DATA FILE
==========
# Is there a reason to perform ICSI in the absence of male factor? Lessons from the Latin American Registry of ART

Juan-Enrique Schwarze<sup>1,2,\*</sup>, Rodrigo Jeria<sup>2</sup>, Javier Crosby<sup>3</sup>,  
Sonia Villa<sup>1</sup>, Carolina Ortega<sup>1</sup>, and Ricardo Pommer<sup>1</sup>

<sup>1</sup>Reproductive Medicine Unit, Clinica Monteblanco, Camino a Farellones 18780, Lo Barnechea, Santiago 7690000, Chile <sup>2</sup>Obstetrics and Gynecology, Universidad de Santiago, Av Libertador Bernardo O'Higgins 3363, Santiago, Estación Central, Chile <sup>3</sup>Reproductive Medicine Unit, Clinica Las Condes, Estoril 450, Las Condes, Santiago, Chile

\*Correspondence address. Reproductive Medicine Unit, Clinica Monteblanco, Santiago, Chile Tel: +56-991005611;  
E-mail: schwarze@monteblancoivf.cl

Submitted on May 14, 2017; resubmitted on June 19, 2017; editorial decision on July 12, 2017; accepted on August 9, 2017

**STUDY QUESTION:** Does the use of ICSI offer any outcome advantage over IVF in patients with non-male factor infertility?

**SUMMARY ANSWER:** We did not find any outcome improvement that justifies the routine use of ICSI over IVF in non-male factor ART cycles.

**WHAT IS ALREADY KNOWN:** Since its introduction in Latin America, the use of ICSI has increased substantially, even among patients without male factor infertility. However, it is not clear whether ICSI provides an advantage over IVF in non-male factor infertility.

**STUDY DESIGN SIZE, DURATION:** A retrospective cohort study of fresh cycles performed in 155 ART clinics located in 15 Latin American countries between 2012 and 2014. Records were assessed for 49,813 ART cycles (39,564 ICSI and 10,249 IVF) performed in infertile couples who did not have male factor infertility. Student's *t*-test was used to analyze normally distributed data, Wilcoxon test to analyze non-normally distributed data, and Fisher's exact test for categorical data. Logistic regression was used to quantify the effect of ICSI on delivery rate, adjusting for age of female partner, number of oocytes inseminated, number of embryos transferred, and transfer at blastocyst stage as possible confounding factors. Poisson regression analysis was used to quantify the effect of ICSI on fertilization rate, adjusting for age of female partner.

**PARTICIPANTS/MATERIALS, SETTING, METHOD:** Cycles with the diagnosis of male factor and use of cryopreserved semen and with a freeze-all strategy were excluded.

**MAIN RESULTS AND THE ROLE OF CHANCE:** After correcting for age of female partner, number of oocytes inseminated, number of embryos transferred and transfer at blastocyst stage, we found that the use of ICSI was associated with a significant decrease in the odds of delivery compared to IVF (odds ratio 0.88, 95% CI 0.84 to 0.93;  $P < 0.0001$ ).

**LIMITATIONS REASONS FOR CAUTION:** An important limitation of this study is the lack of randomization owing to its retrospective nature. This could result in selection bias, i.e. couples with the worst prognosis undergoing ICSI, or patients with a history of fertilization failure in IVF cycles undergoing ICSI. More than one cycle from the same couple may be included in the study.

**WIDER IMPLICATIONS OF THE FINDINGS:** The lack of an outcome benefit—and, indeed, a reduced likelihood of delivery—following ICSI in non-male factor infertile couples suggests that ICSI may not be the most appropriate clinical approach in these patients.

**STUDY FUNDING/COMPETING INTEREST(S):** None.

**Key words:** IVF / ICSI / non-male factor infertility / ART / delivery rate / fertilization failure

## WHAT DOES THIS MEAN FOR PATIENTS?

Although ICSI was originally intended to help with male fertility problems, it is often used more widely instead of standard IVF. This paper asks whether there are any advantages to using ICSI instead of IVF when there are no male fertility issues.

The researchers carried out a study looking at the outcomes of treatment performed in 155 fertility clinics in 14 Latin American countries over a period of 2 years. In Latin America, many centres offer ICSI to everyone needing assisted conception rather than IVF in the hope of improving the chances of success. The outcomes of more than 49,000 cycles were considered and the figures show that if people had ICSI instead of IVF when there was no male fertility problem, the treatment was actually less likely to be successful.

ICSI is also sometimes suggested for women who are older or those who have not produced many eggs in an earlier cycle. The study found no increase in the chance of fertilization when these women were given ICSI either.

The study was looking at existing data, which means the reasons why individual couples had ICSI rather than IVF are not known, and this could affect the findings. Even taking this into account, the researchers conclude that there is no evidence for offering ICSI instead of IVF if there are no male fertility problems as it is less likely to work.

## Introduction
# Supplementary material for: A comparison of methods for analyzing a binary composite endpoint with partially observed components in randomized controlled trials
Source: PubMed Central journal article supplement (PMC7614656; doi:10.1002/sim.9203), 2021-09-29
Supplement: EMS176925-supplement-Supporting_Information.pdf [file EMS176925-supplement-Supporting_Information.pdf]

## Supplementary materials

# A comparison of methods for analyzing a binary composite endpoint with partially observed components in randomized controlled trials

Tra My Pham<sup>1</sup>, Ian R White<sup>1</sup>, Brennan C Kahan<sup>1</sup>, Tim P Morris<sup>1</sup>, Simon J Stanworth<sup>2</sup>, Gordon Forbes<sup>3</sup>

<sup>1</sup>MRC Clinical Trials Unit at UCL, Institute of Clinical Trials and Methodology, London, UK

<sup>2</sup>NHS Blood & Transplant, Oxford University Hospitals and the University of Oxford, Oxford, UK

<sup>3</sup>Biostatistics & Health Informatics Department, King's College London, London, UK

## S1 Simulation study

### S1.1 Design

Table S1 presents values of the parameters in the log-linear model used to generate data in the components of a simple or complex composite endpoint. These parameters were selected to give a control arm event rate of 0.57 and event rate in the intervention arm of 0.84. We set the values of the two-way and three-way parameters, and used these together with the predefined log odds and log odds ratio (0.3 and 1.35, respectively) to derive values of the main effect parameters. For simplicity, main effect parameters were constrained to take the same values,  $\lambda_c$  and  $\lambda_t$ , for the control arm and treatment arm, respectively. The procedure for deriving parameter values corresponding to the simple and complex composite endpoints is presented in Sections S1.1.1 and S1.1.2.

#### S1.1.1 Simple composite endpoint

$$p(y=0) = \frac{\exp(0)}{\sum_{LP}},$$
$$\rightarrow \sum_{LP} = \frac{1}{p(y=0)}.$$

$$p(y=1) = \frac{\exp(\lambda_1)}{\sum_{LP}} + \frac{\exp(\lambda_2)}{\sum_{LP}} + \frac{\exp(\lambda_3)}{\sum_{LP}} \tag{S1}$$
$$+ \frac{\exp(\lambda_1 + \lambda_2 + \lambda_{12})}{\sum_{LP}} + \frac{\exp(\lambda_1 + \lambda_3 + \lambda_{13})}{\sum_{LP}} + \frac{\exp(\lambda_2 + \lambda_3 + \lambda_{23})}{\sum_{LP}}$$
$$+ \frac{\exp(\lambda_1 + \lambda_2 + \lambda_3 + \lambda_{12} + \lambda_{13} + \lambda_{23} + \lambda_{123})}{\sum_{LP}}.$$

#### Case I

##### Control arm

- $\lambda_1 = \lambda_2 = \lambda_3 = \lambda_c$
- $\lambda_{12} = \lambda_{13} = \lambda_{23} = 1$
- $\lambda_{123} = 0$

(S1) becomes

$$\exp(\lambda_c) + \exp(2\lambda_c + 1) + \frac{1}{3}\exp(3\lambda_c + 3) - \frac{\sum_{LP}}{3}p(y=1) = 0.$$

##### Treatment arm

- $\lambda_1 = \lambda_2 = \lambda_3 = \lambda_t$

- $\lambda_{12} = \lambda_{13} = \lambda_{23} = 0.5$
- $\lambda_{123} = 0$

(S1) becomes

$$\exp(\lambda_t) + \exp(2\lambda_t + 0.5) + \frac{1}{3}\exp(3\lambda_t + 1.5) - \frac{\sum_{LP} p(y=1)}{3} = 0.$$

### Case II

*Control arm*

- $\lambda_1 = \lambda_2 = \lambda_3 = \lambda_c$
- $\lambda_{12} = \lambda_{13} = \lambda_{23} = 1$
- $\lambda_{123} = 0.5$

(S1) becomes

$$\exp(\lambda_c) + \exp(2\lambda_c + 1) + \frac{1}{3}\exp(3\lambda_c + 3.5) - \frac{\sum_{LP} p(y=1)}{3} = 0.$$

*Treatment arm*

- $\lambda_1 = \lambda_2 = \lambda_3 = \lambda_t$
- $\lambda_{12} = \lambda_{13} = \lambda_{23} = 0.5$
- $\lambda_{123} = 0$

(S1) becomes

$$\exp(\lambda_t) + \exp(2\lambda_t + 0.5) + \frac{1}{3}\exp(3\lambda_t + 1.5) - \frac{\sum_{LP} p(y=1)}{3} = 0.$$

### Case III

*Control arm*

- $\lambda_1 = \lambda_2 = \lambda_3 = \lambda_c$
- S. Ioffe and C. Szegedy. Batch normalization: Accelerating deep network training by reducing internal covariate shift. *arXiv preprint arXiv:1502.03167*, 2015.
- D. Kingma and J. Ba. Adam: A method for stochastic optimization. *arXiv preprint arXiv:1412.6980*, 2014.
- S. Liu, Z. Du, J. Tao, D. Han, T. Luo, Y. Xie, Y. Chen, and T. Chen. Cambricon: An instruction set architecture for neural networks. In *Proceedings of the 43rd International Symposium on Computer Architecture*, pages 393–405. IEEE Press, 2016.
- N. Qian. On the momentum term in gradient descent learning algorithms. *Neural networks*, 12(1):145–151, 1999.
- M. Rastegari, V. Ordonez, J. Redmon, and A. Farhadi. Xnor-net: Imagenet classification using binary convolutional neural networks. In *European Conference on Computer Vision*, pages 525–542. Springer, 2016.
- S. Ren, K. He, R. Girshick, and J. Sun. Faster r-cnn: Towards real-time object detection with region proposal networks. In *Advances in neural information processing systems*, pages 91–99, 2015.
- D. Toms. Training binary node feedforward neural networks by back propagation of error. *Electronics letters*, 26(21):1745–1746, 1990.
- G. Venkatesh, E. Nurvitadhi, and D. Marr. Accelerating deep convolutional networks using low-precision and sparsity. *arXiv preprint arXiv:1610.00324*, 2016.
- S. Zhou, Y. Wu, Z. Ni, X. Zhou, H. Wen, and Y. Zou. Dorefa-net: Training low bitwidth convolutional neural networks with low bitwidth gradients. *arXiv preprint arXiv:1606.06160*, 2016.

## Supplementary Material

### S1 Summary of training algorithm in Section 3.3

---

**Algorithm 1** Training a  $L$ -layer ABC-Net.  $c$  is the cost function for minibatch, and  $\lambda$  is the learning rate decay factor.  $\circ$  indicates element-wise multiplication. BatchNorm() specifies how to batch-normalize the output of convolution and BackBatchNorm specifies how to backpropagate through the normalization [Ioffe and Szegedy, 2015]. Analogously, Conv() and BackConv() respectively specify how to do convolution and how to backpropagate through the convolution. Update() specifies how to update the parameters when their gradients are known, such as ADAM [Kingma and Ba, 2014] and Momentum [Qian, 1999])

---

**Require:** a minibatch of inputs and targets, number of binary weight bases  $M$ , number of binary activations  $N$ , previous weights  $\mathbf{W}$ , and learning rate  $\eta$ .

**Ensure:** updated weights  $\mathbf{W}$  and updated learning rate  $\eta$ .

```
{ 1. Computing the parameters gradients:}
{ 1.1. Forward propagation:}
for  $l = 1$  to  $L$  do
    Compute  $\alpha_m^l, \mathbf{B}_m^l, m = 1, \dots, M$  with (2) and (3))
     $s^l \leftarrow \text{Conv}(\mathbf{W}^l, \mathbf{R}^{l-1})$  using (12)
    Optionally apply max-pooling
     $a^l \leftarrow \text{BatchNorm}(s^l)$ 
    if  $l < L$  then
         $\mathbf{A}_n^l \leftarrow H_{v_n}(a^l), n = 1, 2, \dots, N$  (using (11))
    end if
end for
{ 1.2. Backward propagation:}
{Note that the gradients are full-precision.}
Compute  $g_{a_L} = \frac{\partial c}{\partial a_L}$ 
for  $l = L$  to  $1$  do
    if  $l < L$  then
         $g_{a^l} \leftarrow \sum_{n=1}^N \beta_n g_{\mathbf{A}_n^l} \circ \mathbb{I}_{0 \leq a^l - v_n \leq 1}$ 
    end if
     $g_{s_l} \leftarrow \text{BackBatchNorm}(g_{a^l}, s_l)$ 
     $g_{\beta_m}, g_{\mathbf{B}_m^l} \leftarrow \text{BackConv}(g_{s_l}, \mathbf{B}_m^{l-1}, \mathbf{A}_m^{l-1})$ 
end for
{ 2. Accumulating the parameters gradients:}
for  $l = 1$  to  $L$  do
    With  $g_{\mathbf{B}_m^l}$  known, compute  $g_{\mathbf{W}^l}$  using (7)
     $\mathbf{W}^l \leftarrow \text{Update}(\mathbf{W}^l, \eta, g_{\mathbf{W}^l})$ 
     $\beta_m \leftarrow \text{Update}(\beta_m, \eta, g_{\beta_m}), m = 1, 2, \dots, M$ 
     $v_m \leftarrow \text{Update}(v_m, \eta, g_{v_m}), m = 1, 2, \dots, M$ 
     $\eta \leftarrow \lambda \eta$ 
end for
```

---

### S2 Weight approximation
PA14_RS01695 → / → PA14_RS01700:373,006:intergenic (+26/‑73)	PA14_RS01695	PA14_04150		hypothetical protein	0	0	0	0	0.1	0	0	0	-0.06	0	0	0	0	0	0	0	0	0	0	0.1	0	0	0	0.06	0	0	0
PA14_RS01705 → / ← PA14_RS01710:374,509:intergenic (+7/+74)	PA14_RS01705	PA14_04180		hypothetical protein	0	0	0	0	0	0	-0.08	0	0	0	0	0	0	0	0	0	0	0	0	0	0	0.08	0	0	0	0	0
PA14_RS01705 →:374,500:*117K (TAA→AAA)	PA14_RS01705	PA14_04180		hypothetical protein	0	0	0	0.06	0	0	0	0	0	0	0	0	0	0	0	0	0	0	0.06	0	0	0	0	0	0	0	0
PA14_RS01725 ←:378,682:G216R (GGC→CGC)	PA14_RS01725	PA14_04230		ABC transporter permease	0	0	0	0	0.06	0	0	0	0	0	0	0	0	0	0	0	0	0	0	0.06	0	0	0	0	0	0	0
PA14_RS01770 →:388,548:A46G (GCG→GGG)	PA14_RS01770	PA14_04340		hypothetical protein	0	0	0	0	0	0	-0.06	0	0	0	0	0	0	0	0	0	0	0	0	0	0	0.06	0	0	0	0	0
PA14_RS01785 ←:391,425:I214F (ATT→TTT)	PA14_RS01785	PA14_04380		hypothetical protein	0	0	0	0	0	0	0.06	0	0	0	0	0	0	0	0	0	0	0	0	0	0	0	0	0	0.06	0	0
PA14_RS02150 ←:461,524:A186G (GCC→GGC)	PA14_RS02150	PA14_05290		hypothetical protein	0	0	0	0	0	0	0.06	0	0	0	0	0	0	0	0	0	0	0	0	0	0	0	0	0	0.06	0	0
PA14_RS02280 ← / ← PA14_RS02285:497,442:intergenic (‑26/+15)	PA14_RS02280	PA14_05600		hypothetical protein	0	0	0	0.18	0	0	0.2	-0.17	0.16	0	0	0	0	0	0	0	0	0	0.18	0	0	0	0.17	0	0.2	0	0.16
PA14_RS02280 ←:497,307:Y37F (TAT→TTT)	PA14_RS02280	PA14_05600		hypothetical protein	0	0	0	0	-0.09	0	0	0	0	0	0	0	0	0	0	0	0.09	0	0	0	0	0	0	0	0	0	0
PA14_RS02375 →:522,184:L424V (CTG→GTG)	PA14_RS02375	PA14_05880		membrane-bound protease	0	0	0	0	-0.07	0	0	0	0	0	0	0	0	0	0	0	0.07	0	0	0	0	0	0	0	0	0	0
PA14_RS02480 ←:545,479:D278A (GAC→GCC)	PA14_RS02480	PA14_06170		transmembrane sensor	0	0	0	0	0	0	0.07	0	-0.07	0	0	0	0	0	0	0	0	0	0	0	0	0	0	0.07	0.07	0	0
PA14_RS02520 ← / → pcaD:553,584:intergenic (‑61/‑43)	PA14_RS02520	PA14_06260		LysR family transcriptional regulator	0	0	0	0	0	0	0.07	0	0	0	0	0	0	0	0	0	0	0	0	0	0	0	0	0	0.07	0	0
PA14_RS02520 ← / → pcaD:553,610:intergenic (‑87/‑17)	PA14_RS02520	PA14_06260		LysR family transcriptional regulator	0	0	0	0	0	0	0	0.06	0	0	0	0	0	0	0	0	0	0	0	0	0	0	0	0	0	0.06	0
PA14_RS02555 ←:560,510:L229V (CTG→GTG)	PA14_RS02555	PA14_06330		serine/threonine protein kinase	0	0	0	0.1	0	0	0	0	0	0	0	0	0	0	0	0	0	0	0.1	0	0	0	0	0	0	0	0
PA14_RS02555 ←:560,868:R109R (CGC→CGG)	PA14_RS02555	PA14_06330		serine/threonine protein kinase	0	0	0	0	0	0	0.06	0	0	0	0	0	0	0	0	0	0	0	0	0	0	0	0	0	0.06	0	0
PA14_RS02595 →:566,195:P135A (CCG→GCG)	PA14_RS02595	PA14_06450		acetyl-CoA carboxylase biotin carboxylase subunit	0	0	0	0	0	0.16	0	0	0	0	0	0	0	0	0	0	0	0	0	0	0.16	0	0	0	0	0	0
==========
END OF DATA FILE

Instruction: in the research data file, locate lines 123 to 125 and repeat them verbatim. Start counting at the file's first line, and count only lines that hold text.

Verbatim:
PA14_RS01725 ←:378,682:G216R (GGC→CGC)	PA14_RS01725	PA14_04230		ABC transporter permease	0	0	0	0	0.06	0	0	0	0	0	0	0	0	0	0	0	0	0	0	0.06	0	0	0	0	0	0	0
PA14_RS01770 →:388,548:A46G (GCG→GGG)	PA14_RS01770	PA14_04340		hypothetical protein	0	0	0	0	0	0	-0.06	0	0	0	0	0	0	0	0	0	0	0	0	0	0	0.06	0	0	0	0	0
PA14_RS01785 ←:391,425:I214F (ATT→TTT)	PA14_RS01785	PA14_04380		hypothetical protein	0	0	0	0	0	0	0.06	0	0	0	0	0	0	0	0	0	0	0	0	0	0	0	0	0	0.06	0	0